On Team Westinghouse, which boasts the technology to transmit electricity of the AC variety that still powers households today, is the entrepreneur and engineer himself, George Westinghouse. Nikola Tesla, the disgruntled inventor who previously worked with Edison, is also recruited to this side, and a mood of optimism blossoms as this figure, whose name evokes for readers awe-inspiring innovation, is introduced. Indeed, his genius and dedicated efforts in the laboratory offset his eccentric tendencies and prove to be great weapons for Westinghouse in the war. There’s also the protagonist of the book -– Paul Cravath. He’s a young, highly talented lawyer who takes on the colossal task of securing for the side of AC the right to maintain and advance revolutionary technology that aims to illuminate cities across America, a difficult endeavor on its own. As it happens, this war is against Edison, whose resources and reputation among the public are intimidating.

Throughout the book, it seems that even all these men, giants in their respective fields and generations, are not potent enough to stop Edison. To have any chance of winning a future for Westinghouse’s company, Paul Cravath thinks heavily on what angle he can approach the matter of intellectual property and how he can demonstrate that AC is superior from the perspective of safety. His strategy depends on heavy manpower, sifting through thousands of documents for light bulb design records, as well as on luck and chance encounters. Later on, Paul also enlists the help of the charming, well-connected opera singer Agnes Huntington, who remains undaunted in the face of the exhausting obstacle course of wearing down Edison in the patent battles. As she comes to play a major role in the mystery that develops amidst the execution of Paul’s plans stemming from desperation to gain an advantage over Edison, she expands the setting of the novel to exclusive parties of the intellectuals and artists of the era. Moore also focuses on the evolution of Paul’s personal desires as he falls in love with Agnes.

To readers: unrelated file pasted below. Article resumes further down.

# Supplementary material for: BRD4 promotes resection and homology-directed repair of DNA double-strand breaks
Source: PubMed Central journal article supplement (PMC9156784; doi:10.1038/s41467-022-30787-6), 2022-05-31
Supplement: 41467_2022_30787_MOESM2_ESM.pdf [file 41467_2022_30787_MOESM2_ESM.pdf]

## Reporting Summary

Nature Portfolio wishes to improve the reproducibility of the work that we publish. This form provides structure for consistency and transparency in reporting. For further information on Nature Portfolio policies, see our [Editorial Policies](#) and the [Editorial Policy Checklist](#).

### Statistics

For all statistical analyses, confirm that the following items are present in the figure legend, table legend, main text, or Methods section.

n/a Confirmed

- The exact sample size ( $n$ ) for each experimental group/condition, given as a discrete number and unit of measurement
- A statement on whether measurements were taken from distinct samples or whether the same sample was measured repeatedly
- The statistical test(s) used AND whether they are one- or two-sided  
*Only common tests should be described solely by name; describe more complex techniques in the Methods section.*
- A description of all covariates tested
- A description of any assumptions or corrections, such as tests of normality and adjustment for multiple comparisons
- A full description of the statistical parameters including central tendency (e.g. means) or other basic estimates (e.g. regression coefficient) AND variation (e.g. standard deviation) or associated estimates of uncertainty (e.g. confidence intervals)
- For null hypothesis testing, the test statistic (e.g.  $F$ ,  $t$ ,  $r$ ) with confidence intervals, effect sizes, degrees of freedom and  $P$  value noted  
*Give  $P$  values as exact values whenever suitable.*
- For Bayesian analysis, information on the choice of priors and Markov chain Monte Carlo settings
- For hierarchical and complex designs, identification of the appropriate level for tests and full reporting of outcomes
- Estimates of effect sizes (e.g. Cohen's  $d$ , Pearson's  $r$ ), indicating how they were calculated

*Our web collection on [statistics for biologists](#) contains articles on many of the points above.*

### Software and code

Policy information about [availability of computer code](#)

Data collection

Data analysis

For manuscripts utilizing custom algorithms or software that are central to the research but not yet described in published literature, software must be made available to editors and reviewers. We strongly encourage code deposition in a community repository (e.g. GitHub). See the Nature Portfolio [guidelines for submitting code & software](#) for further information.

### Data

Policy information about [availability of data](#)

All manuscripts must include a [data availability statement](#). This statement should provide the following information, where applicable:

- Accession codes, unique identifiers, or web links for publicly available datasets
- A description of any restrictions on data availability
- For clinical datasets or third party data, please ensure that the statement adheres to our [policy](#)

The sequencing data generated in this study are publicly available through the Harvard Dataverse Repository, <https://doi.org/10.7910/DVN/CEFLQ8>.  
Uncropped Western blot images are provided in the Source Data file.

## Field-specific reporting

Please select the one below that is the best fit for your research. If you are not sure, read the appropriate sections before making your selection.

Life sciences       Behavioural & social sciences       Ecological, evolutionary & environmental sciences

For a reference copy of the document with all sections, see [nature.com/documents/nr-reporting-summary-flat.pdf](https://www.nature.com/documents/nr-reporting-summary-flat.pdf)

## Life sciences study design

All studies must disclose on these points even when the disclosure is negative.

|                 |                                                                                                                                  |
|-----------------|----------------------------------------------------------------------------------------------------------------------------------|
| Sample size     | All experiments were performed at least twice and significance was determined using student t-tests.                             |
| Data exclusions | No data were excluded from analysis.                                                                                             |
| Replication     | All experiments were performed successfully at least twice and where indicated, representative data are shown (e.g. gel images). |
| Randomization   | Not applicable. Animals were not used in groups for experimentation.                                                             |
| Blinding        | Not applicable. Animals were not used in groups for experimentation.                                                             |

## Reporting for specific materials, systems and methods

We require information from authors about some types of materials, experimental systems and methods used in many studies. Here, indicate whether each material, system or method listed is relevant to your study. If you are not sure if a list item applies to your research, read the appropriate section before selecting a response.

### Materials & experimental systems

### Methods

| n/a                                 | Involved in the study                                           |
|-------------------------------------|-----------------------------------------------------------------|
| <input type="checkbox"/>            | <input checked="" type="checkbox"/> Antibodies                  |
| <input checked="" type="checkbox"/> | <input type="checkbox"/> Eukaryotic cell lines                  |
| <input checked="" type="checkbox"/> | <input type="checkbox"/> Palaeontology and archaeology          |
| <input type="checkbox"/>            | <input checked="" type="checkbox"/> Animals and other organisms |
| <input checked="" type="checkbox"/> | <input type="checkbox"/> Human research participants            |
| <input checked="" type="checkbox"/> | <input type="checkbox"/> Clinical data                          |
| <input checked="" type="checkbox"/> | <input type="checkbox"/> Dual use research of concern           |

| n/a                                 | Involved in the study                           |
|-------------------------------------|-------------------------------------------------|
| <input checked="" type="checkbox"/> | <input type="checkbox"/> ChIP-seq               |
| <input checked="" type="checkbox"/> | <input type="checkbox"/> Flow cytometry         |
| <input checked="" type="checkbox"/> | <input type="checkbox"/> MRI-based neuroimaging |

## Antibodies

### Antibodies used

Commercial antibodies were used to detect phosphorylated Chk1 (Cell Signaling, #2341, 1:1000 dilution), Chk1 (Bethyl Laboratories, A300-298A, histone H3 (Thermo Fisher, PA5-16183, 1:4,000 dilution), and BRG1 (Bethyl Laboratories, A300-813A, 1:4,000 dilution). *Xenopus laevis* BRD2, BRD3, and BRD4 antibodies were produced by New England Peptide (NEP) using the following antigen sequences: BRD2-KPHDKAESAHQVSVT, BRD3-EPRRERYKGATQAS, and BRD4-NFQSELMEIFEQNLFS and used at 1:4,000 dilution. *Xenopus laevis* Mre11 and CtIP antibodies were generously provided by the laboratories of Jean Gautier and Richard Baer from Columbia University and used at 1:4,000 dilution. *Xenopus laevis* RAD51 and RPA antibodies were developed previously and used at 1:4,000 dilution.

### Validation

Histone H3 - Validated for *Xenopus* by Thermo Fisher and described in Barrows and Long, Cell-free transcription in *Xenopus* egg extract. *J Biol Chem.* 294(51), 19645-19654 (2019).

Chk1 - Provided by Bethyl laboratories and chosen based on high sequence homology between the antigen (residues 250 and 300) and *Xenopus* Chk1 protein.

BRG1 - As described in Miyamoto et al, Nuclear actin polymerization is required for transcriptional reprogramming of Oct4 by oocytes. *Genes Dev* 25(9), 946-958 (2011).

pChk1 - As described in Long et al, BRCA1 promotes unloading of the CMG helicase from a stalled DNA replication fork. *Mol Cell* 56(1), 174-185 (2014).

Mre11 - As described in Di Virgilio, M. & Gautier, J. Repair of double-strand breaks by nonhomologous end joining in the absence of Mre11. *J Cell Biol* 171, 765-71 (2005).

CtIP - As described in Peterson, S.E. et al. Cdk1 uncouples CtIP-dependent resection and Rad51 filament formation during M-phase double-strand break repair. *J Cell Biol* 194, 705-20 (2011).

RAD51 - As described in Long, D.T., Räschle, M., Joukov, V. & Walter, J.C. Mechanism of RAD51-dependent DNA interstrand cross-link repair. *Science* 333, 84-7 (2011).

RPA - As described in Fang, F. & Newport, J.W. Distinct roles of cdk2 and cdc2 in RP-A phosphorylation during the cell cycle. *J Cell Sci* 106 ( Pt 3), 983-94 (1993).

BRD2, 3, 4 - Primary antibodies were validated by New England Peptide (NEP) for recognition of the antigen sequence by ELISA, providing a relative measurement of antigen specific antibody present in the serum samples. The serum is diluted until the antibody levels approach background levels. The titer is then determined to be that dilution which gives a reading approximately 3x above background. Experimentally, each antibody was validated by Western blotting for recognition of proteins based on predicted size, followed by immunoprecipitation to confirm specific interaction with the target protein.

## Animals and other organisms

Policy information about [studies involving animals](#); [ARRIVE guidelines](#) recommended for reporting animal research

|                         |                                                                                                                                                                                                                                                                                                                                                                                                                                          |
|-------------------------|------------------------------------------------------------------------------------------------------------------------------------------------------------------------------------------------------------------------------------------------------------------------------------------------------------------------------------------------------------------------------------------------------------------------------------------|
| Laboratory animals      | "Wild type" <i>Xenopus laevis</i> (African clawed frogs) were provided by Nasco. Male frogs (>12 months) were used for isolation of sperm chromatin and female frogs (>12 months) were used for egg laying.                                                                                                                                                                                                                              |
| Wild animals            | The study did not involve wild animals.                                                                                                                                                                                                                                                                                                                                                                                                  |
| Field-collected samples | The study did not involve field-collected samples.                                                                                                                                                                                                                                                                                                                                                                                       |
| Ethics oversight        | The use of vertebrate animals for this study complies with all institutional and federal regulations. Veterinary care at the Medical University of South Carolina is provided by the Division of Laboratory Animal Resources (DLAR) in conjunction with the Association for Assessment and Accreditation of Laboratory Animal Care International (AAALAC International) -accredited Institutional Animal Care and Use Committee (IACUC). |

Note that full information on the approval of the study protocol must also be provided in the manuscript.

Before the final chapter of the book -– which adeptly serves as reflection on the special flowering of genius and industry in the late 1800s -– there is sabotage and romance as well as expertly researched historical fiction and accurate descriptions of the innovations from the era -– something for everyone. Readers familiar with the story of electricity’s commercial beginnings can anticipate the plot resolution, but they will most likely find something fresh in the author’s imaginative narrative, telling of the struggles, ambitions, and thrills embedded in the process. The writing maintains the suspense; while the different strengths of the characters are quickly apparent, it is difficult to discern which combination of wit, deceit, and charisma will win out in the end. The writing also does much to convey the whimsical and wondrous atmosphere of this time of such radical change, when electrical appliances had the ability to transform workplaces and homes, holding off the incursion of nighttime, but also the ability to kill if mishandled.